A good friend and fellow pastor was telling me a few days ago about how he pointed out to his congregation that we, as Americans, are the wealthiest people in human history. Not only do we have more material luxuries than anyone else on the globe today, but we also possess more things and opportunities than all previous generations. There are exceptions: comparing the Caesar of ancient Rome to a homeless person is an obvious exception. But on average, our population is extraordinarily better off than most of the world for most of history. This really isn’t debatable. And then my minister friend and I talked about a curious phenomenon, which is the resistance most people have to agree with such a statement. We have a hard time believing it. Let me tell you why I think that is.
While the evidence is clear that 21st century Americans (and those in a handful of European nations) are the wealthiest in history, we are extremely stressed out and anxiety-ridden. Living in the modern, materialist culture, permeated with the constant message to compete, achieve and accumulate possessions is exhausting! Notice how effective advertising creates a belief in your deficiencies (you’re not good enough, attractive enough, successful enough) and then presents a solution to the invented problem: some soon-to-be-obsolete product or service. When we buy these things, we feel better for about a minute; and then we’re back to feeling that great, big hole inside us. We push our kids into the anxiety of hyper-achievement. And we are told that if they don’t get a scholarship into Harvard and graduate first in their class, then there must be something wrong with us as parents. For us pastors, if our churches don’t grow, then obviously we must be failures. And we perpetuate this culture in our congregations, giving our flock homework assignments, starting new projects, implying that if we don’t “Do, do, do! Work, work, work!” then we will fall behind in the race to heaven. And don’t get me started on how these anxieties are played out in our dysfunctional political system. By November of election year, half the nation is convinced that all our anxieties and problems are the fault of the other half.
The reason most people don’t believe that we are the wealthiest and most advantaged in history, in my opinion, is that we don’t feel the comfort, peace and joy wealth is supposed to bring. We feel stressed out. Constantly. We are miserable, and miserable to be around. If you don’t believe me now, think about all of what I have said as we go into the consumerist idolatry of shopping this holiday season. Let me know if the promises of the advertisers came true when the credit card bill comes next January.
So this is what I pray for our materially abundant and spiritually bankrupt nation: Slow down. Seriously, slow down. The rat race of achievement, the constant drive to succeed and acquire stuff is not the solution; it’s the problem. When our eyes are transfixed on worldly things, we take our eyes off the one thing in the cosmos that has the power to fill that ever-deepening hole inside of you: God’s love and delight in you. Jesus knows how exhausting living in a nonstop cycle of self-improvement and self-salvation is:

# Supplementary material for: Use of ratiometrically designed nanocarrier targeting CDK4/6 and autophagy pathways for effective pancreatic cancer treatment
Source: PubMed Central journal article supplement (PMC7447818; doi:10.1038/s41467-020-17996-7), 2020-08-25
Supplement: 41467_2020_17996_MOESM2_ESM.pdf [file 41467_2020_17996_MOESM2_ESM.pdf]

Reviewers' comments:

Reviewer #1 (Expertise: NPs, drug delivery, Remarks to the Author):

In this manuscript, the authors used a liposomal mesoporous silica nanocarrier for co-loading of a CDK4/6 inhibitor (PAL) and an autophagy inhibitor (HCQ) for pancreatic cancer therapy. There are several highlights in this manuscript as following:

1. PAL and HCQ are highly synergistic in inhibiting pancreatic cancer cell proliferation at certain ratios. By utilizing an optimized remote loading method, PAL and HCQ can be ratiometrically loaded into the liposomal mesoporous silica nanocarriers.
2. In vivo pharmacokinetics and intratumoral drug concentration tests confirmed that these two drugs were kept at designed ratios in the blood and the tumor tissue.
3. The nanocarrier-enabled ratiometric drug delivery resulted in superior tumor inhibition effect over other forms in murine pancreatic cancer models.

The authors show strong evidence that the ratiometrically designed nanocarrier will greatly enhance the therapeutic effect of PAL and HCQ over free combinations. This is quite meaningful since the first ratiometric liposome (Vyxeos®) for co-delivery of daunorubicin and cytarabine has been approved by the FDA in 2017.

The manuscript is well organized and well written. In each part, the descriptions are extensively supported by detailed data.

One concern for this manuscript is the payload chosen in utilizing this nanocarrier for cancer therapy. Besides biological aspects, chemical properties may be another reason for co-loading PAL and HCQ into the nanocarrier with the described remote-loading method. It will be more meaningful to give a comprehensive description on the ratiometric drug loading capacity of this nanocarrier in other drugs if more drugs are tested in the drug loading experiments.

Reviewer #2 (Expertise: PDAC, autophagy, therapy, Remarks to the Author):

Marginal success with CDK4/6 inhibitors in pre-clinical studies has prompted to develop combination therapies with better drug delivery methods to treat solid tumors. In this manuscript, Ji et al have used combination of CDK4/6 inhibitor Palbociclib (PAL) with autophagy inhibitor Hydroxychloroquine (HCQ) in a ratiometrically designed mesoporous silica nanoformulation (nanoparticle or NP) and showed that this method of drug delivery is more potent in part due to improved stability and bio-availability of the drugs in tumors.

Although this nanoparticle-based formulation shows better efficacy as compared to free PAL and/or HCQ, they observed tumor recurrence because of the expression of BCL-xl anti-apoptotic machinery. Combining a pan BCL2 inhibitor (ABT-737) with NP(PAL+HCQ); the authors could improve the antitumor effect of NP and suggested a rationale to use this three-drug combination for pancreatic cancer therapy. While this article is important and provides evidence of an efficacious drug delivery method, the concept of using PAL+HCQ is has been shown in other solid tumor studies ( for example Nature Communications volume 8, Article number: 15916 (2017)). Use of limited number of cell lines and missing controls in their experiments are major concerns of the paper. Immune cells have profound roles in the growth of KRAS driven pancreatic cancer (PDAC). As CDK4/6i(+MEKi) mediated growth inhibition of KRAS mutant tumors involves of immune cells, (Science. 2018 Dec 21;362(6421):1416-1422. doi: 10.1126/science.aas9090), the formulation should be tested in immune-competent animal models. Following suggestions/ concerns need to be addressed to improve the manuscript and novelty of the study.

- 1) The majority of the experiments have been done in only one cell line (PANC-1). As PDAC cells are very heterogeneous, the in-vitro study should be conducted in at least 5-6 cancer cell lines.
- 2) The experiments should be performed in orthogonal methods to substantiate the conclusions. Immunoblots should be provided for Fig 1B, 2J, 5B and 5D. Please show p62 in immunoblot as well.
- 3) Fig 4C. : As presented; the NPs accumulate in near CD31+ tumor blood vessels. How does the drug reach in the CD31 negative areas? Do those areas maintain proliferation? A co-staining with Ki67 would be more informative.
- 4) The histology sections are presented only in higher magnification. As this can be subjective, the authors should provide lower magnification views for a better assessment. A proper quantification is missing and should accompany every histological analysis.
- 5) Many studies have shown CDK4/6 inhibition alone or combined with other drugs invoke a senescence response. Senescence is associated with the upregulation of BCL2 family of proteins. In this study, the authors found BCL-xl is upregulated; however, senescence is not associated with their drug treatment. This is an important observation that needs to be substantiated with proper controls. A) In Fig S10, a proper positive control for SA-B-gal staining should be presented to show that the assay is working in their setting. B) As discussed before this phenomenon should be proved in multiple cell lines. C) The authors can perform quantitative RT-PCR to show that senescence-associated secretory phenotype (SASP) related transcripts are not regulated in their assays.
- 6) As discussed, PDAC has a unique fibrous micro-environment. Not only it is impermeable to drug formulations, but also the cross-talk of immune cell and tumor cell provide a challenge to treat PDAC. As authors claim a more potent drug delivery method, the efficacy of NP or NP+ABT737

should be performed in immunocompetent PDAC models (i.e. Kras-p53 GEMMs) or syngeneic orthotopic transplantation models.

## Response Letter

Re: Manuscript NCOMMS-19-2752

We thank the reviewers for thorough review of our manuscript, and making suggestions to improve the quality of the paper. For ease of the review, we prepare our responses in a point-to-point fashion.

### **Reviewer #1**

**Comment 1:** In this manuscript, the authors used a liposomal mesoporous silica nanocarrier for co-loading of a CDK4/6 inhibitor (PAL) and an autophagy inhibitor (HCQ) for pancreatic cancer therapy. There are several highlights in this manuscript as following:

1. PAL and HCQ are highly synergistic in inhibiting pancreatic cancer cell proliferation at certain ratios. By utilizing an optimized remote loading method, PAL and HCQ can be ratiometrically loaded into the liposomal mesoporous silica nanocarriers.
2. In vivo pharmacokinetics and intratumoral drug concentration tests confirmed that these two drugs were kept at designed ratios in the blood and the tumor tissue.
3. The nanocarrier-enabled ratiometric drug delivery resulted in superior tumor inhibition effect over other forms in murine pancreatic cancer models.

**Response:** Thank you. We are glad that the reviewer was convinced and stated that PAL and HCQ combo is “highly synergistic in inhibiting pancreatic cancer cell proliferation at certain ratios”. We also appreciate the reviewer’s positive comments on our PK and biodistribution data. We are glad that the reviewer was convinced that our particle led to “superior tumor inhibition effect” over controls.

“Come to me, all you that are weary and are carrying heavy burdens, and I will give you rest. Take my yoke upon you, and learn from me; for I am gentle and humble in heart, and you will find rest for your souls. For my yoke is easy, and my burden is light”
(Matt 11:28-30, NRSV).
He knows how weary and tired we become, beaten up by the cruelty and uncertainty of life. He knows how hard it can be to be a human being, just trying to do the best we can. After all, Jesus lived the human life, so that we would know that God understands what it is like to be a human being.
For those who are weary and carrying heavy burdens, for those of you who are stressed out and filled to the brim with worry and anxiety, slow down. Stop the cycle. I know it will feel really strange and even uncomfortable, but the growth of our souls depend upon it. Begin the process of letting go of all those feelings of worry, fear, resentment, and inadequacy, so that you can feel the hand of God holding you up. Let go of all of that anxiety and shame that keeps the modern economy going so that you can feel the constant presence of Christ who will carry and sustain you.
Some of you all have the burning question, “How? What must I do?” The truth is that it is more about undoing than doing. But if you need some practical suggestions, try spending 15 minutes every day, preferably in the morning, in silent prayer and meditation. Buy a devotional, read an entry, and sit quietly in a place you won’t be disturbed. For those of you with a relentless inner critic that overpowers you when you get quiet, do something with your hands while you pray, such as writing the names of people you love, or listing the things you need God to help you let go of. If you are so inclined, prayer beads or a rosary are beneficial. Start with no expectations for this quiet time. This isn’t about achieving, but rather letting go and letting God. And may you sense deeply the presence of the risen Christ who loves you.
With peace and grace,